Posted by: Gregory Linton | 10/25/2019

College Board publishes results of SAT for class of 2019

Last week, the College Board released its annual report on SAT results for the class of 2019. Here is a summary of the key statistics:

  • 2.2 million students took the SAT, the highest number ever.
  • The mean score was 1059, down from 1068 for the class of 2018.
  • Male test takers averaged 1066, and females averaged 1053.
  • Asian test takers averaged 1223, White test takers averaged 1114, Hispanic/Latino test takers averaged 978, and Black/African American test takers averaged 933.
  • 45% of test takers met both college readiness benchmarks (480 for Evidence-Based Reading and Writing and 530 for Math).
  • 75% of Asian test takers met both college readiness benchmarks; 57% of White test takers met both; 29% of Hispanic/Latino test takers met both; and 20% of Black/African American test takers met both.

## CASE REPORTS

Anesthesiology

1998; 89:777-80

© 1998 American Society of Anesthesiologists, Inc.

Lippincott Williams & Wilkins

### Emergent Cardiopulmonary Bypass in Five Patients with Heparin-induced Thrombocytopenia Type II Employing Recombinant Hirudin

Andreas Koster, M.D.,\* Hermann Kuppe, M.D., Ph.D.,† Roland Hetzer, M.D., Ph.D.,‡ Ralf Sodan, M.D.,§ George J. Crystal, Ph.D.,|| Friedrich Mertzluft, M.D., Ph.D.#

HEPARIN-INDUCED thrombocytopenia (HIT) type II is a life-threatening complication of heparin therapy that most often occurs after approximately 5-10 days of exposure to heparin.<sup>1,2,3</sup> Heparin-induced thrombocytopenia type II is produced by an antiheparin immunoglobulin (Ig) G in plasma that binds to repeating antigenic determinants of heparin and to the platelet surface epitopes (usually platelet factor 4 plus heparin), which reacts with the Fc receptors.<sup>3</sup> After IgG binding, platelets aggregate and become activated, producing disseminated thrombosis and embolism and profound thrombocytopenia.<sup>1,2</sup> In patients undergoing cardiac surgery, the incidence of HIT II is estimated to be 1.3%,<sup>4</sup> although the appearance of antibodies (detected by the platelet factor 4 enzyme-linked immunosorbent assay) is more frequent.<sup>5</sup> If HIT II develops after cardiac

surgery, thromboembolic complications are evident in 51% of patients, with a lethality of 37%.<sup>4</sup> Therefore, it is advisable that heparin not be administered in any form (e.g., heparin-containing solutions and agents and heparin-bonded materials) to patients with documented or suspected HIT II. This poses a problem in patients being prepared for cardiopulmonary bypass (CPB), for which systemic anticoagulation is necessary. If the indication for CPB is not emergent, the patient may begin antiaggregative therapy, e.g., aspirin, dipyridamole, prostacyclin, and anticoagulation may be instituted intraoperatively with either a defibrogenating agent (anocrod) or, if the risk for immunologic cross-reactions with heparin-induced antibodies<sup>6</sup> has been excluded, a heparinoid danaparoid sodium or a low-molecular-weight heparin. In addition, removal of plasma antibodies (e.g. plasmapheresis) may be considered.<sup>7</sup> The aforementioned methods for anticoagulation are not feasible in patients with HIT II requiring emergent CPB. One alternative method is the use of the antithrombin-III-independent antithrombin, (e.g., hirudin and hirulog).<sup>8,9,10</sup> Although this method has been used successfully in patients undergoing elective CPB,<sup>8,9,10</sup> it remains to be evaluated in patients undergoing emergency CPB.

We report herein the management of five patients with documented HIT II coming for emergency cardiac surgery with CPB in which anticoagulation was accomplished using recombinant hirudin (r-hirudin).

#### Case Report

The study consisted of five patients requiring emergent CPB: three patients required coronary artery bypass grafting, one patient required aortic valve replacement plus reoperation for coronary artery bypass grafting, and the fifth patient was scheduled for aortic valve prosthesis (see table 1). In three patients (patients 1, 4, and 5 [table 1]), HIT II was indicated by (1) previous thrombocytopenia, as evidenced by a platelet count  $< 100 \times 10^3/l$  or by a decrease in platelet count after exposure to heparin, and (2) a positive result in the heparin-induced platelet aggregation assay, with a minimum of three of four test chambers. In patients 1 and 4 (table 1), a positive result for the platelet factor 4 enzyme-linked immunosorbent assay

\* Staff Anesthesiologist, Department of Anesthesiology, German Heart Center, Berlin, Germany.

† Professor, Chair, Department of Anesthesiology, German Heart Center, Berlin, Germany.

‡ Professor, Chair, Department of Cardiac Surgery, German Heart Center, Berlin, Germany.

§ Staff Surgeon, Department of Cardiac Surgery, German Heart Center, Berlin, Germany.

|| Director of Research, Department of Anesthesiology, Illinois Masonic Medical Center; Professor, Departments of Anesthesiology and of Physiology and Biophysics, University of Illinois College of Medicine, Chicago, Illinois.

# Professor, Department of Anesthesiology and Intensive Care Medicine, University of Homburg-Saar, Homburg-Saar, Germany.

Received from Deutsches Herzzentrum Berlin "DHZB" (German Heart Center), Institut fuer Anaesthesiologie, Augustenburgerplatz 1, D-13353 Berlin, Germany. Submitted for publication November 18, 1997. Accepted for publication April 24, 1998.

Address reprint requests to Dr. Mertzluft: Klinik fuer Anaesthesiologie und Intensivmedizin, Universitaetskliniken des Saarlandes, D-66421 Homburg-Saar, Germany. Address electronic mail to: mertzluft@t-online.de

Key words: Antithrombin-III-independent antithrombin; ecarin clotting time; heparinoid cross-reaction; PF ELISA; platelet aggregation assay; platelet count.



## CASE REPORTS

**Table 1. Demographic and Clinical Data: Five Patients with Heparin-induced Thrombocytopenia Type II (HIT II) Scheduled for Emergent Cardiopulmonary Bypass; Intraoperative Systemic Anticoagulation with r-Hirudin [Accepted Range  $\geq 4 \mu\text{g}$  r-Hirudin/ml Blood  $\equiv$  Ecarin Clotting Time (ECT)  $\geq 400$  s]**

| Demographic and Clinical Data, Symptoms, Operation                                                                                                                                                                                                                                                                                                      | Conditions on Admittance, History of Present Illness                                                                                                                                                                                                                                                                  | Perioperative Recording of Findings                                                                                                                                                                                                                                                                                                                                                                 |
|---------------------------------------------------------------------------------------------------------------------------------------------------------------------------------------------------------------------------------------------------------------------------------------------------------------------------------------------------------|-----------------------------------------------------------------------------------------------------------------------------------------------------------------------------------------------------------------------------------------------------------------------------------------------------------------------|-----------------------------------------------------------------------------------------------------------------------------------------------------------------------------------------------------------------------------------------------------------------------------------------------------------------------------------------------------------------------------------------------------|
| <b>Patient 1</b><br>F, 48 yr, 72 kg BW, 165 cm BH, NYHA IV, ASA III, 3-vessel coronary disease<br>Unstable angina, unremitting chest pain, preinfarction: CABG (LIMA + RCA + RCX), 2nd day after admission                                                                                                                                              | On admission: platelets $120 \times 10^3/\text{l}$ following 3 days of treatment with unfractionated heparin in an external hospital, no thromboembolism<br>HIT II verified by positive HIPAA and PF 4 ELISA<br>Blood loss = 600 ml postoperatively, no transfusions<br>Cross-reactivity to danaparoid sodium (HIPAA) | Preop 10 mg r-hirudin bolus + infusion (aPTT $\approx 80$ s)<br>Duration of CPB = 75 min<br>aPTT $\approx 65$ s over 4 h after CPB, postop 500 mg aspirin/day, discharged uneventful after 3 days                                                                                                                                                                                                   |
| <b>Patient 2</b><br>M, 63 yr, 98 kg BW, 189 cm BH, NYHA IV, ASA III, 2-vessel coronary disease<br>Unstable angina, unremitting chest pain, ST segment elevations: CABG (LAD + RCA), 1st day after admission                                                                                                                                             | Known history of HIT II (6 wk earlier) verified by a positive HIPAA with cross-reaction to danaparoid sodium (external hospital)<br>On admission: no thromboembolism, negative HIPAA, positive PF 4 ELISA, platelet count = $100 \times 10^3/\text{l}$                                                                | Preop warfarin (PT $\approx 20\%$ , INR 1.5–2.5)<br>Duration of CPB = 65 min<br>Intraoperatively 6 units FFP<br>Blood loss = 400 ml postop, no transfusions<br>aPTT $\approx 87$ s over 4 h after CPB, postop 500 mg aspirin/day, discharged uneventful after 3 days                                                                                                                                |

• 30% of test takers met no college readiness benchmarks.
  • 68% of test takers met the readiness benchmark for Reading and Writing, but only 48% met the benchmark for Math.
  • Mean SAT scores of students whose parents did not attend any college decreased 12 points from 2018 to 2019.
  • Over 2/3 of all test takers first take the SAT in 11th grade, but low-income students are more likely to take it as seniors.
  • Low-income students are far less likely to retake the SAT even though they see larger score increases that their higher-income peers when they retake it and their likelihood of enrolling in a four-year college goes up by 30 percentage points.

As InsideHigherEd reports, the National Center for Fair and Open Testing (FairTest) claims that the SAT measures a test taker’s family background more than his or her capacity to do college-level work. Because of the perceived unfairness of the test, 47 colleges and universities stopped requiring applicants to send standardized test scores last year alone. About 40 percent of all four-year colleges and universities (more than 1,000) no longer require applicants to send test scores.


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